Mon, Dec 27, 2004 - Page 8 News List

When the US sneezes, Taiwan catches cold

By Liu Kuan-teh劉冠德

Unsurprisingly, the comments made by US Deputy Secretary of State Richard Armitage that Taiwan was "probably the biggest landmine" in US-China relations as well as "the US is not required to defend Taiwan under the Taiwan Relations Act" stirred up domestic finger-pointing in Taipei.

When the US sneezes, Taiwan catches a cold. We have seen this pattern repeated over the past year. Partisan calculations aside, can Taiwan's leaders -- from both camps -- ?learn lessons and re-examine their strategy toward the new US-Taiwan-China relationship?

The Armitage quote was made Dec. 10 -- on the eve of Taiwan's legislative elections. The PBS network chose to run the interview more than ten days after the pan-blue camp secured a majority. Washington must have been relieved that the pro-new-constitution, pro-name-rectification pan-green forces failed to win the campaign. There is no need for Washington to intentionally sabotage the Chen Shui-bian (陳水扁) administration. Yet more prudence is required in future communication between Taipei and Washington.

Armitage was simply explaining an old nuance in the TRA and the Three Communiques, and not a new policy change. But no one can deny the incremental adjustment in the US tendency to replace its old strategy of "ambiguity" with a clearer identification of what can and cannot be done.

Washington's move to draw a clear "red line" has been closely associated with a growing misperception of Taiwan's status and a lack of trust in Chen's next step regarding constitutional reforms and name change.

Taipei's lack of determination to strengthen its self-defense capability in the face of a potential military crisis originates from China's reckless and irrational miscalculation.

The US conviction is that all these factors would drag it into an unnecessary military conflict with China, which the Bush administration does not want and would be unable to solve.

Therefore, Armitage's comments displayed a unified Bush administration attitude to send clear messages to Chen's government, the pan-blue camp and Beijing.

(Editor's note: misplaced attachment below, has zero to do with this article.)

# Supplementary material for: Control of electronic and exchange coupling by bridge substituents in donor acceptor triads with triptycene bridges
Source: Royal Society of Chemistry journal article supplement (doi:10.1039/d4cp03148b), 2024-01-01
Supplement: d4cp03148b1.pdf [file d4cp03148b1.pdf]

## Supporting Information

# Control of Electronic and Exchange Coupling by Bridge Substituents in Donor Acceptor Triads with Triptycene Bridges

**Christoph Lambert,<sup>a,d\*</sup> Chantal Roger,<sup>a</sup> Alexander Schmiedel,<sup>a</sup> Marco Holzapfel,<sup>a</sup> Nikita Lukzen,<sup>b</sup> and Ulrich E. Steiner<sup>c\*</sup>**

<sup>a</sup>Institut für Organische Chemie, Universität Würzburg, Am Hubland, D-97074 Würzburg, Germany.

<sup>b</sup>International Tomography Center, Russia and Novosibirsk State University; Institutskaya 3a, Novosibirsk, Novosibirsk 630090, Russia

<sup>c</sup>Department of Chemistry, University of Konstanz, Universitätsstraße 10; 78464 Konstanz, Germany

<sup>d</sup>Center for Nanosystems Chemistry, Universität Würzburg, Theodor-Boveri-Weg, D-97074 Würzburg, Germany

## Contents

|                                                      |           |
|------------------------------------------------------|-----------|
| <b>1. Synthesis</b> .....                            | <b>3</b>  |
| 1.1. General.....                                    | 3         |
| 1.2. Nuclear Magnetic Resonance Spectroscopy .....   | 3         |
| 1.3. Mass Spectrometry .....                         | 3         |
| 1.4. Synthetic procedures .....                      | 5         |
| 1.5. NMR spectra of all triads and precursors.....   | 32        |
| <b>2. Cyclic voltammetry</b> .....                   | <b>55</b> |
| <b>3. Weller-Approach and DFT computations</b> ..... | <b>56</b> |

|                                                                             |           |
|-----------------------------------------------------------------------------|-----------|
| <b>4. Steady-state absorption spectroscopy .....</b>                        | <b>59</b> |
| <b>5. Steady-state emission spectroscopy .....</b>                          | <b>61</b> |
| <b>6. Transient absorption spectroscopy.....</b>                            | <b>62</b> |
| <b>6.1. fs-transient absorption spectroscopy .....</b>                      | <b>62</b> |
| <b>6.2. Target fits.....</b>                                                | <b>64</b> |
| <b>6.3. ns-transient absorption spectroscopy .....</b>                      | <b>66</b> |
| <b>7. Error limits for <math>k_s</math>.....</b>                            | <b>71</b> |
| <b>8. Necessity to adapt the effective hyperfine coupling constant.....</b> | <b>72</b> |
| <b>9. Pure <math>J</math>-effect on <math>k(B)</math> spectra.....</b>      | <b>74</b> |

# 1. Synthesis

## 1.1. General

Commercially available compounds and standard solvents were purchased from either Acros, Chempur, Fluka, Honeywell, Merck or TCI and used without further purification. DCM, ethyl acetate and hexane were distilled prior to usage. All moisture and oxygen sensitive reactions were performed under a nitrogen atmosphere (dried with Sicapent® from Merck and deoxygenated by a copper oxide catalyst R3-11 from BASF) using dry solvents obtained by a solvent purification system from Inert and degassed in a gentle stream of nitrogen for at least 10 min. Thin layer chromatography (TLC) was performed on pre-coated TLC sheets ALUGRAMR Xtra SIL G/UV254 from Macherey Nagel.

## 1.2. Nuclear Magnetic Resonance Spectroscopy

Washington's warning to Chen is simply "don't take the US for granted." There is indeed a presumption in Taiwan -- advocated mostly by Taiwan's independence proponents -- that Taiwan can be provocative to China, and the US will bail Taiwan out.

Despite the differences between Chen and former President Lee Teng-hui (李登輝) and his Taiwan Solidarity Union (TSU) on the strategy and goal of constitutional reforms and the name-change proposals, the push for a stronger Taiwan consciousness has no doubt worsened Washington-Beijing relations.

Such a notion that "the US will come to our aid anyway" has led to even more worrisome behavior by the pan-blue force's mindless and irrational boycott of the 6-million dollar purchase of eight diesel submarines, six Patriot PAC-3 anti-missile defense batteries and 12 P-3C maritime patrol aircraft.

In keeping with the TRA, the US should provide Taiwan with weapons sufficient for its defense to deter military action, but there is a difference between "deter" and "defend." Without showing any will to defend itself, how can Taiwan count only on the US' assistance?

To Beijing, it is not a good time to take advantage of US policy maker's criticisms of Taiwan's leader, either. The alleged move to enact the so-called "anti-secession law" is a straight manifestation of unilaterally changing the status quo of Taiwan Strait.

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